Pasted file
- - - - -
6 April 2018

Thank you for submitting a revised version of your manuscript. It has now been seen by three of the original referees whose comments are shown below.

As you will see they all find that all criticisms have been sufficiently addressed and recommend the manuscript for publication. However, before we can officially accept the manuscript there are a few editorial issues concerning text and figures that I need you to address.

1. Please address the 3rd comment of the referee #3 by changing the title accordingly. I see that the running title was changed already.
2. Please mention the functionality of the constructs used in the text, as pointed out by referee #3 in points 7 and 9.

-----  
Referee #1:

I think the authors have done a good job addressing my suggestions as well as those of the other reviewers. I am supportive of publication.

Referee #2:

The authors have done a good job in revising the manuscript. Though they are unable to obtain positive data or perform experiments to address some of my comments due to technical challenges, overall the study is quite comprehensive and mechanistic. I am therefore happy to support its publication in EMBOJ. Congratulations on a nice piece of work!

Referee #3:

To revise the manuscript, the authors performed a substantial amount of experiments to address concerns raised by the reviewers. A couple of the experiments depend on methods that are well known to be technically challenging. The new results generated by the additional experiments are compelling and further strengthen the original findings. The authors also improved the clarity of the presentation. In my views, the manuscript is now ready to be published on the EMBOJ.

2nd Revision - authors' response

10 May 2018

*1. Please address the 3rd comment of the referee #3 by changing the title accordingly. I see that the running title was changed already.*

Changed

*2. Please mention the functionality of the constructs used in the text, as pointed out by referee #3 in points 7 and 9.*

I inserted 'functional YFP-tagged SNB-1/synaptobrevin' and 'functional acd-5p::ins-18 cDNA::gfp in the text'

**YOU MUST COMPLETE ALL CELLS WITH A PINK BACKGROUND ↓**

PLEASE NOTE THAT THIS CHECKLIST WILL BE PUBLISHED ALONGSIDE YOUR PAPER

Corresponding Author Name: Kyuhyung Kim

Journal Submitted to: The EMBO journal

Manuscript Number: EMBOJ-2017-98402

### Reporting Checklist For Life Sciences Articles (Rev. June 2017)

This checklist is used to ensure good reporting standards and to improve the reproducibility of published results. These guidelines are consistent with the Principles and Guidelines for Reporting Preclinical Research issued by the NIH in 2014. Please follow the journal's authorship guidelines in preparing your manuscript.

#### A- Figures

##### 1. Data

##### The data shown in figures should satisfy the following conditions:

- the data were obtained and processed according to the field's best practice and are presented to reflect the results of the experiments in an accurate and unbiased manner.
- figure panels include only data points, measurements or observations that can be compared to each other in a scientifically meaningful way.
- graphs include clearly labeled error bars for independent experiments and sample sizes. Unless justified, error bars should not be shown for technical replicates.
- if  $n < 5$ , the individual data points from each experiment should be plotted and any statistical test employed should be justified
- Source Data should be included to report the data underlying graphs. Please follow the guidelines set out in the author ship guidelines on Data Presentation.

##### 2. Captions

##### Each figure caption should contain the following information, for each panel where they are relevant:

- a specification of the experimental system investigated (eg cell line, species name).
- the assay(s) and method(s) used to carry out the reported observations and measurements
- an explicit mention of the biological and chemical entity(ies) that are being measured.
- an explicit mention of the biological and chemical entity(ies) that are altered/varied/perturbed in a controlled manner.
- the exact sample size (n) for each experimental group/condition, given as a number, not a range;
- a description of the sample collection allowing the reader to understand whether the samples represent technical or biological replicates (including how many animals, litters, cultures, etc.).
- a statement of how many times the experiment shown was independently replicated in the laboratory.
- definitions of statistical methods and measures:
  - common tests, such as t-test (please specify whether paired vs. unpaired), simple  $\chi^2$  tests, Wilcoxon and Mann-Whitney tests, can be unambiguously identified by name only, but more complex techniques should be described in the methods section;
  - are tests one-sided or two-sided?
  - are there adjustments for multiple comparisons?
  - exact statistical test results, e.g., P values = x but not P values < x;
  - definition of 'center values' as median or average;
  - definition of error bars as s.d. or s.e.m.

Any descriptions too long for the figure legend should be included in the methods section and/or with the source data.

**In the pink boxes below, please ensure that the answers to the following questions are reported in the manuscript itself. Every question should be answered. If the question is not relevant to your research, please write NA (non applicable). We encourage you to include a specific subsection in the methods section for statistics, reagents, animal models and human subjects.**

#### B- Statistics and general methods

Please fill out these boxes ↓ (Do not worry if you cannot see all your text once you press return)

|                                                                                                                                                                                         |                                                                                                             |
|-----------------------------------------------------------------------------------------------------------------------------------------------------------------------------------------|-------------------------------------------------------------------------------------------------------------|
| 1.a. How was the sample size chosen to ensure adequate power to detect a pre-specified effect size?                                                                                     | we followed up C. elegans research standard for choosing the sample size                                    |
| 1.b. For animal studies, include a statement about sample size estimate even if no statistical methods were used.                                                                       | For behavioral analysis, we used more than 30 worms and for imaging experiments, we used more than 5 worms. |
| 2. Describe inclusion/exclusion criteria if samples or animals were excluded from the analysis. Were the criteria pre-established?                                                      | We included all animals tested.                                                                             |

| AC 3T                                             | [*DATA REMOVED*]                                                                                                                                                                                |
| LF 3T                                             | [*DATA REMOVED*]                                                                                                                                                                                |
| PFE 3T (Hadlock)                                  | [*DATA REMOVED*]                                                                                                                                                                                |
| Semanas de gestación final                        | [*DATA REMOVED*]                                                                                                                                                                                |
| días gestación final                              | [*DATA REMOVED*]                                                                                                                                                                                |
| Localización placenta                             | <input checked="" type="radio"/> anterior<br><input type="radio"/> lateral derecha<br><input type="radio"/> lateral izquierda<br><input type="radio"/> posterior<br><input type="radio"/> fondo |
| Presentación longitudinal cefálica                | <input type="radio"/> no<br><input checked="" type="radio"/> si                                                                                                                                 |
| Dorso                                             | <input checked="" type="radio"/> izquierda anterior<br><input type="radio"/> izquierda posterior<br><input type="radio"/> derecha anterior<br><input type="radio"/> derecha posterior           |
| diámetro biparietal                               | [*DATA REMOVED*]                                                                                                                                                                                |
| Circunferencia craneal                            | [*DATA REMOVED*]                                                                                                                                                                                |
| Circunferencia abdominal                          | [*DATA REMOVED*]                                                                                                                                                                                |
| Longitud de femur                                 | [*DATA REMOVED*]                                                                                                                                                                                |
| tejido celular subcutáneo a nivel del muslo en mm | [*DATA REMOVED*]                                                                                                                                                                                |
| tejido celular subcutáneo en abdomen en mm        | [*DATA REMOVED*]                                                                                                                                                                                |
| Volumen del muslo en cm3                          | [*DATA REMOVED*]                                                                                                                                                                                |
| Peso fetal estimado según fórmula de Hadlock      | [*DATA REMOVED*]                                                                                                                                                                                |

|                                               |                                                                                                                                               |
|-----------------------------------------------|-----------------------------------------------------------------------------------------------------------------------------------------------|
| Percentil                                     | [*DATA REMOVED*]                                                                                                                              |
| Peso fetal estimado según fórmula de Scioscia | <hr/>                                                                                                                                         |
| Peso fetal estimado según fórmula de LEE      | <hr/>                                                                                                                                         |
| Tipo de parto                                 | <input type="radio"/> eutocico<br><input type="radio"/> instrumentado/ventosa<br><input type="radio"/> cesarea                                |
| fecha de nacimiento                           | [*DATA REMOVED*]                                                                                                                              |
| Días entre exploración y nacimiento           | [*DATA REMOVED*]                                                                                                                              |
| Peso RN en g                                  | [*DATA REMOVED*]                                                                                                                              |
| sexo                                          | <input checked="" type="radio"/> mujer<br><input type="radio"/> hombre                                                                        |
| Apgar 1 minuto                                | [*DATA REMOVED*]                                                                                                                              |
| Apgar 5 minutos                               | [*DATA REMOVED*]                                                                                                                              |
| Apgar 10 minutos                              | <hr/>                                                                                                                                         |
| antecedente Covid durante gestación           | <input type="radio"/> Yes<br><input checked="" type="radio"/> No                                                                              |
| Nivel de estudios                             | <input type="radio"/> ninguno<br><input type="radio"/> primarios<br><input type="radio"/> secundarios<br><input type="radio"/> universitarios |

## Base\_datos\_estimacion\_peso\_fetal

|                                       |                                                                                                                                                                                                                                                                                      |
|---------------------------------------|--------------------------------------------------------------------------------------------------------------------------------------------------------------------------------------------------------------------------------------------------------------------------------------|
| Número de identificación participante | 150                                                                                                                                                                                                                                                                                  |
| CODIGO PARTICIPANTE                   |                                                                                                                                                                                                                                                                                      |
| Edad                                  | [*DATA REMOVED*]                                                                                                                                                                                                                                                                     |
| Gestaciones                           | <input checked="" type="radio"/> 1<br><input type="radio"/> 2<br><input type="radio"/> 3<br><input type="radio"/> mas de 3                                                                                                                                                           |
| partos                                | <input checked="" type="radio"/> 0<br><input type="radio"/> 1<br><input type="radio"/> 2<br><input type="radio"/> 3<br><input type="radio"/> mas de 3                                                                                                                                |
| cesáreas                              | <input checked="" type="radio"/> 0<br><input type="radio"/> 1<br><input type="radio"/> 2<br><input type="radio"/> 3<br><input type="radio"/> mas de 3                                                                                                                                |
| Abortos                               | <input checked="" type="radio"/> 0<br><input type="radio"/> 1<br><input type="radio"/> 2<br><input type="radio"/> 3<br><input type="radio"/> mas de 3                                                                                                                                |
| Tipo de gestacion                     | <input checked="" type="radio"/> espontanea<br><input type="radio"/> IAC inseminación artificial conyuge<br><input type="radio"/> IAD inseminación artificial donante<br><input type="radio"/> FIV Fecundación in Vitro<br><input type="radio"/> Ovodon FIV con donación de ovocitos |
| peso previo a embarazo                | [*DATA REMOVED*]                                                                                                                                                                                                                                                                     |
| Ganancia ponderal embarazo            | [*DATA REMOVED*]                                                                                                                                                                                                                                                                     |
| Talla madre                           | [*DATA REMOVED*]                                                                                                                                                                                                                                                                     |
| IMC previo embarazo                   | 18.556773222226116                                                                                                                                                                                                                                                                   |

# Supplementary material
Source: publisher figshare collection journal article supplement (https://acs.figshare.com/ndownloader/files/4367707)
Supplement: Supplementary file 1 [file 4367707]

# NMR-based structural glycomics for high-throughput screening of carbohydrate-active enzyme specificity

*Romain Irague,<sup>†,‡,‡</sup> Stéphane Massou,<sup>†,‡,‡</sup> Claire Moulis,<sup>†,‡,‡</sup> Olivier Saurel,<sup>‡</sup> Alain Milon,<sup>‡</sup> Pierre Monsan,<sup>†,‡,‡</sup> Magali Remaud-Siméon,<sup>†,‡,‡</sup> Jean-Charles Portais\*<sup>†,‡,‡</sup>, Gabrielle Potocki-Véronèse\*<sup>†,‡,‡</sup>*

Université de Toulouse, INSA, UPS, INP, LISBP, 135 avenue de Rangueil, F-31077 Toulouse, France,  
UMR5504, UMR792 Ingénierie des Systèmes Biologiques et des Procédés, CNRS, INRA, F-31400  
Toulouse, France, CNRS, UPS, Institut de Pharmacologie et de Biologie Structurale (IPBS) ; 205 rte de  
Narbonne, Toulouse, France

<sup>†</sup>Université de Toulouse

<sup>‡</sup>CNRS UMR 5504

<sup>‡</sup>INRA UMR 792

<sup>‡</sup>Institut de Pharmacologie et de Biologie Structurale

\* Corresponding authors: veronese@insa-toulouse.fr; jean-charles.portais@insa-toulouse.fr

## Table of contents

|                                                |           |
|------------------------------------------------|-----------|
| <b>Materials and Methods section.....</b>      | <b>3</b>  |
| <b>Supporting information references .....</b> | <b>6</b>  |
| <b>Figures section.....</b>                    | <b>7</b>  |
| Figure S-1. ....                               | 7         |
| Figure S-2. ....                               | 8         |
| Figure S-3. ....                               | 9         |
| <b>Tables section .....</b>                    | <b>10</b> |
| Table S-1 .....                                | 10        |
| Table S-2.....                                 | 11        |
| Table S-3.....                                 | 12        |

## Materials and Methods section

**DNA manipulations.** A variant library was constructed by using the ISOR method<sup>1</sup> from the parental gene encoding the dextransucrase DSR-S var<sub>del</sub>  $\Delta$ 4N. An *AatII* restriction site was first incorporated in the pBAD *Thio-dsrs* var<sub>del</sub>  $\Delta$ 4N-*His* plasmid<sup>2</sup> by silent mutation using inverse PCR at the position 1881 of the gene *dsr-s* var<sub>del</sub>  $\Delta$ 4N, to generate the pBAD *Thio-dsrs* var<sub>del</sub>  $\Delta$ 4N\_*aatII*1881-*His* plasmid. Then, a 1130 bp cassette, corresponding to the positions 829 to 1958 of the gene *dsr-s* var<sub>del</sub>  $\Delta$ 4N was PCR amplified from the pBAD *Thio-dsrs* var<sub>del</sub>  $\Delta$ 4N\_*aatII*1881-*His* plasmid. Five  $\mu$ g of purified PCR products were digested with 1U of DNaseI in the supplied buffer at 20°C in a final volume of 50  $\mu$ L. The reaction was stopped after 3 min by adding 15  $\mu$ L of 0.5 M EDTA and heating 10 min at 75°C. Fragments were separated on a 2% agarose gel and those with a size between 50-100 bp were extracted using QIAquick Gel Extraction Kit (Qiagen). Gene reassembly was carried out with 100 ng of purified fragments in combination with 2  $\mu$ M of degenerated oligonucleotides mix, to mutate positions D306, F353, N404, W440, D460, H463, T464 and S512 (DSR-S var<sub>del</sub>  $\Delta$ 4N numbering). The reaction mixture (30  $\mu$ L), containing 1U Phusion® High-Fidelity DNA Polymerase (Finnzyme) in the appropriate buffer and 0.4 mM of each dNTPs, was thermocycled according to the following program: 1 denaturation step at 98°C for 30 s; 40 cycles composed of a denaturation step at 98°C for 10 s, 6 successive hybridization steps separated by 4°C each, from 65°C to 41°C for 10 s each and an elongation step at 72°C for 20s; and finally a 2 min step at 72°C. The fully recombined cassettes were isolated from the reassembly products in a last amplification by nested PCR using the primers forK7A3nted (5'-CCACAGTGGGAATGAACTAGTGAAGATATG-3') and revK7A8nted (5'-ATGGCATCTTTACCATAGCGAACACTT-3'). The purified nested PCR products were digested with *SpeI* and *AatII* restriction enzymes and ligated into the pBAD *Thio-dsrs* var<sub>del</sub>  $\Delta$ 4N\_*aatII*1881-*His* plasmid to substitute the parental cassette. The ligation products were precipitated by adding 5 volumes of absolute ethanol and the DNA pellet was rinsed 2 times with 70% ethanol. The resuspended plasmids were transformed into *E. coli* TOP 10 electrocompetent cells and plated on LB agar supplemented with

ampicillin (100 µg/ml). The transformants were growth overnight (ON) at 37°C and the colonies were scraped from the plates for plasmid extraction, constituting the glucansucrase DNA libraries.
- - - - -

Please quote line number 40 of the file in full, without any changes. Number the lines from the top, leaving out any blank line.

- the exact sample size (n) for each experimental group/condition, given as a number, not a range;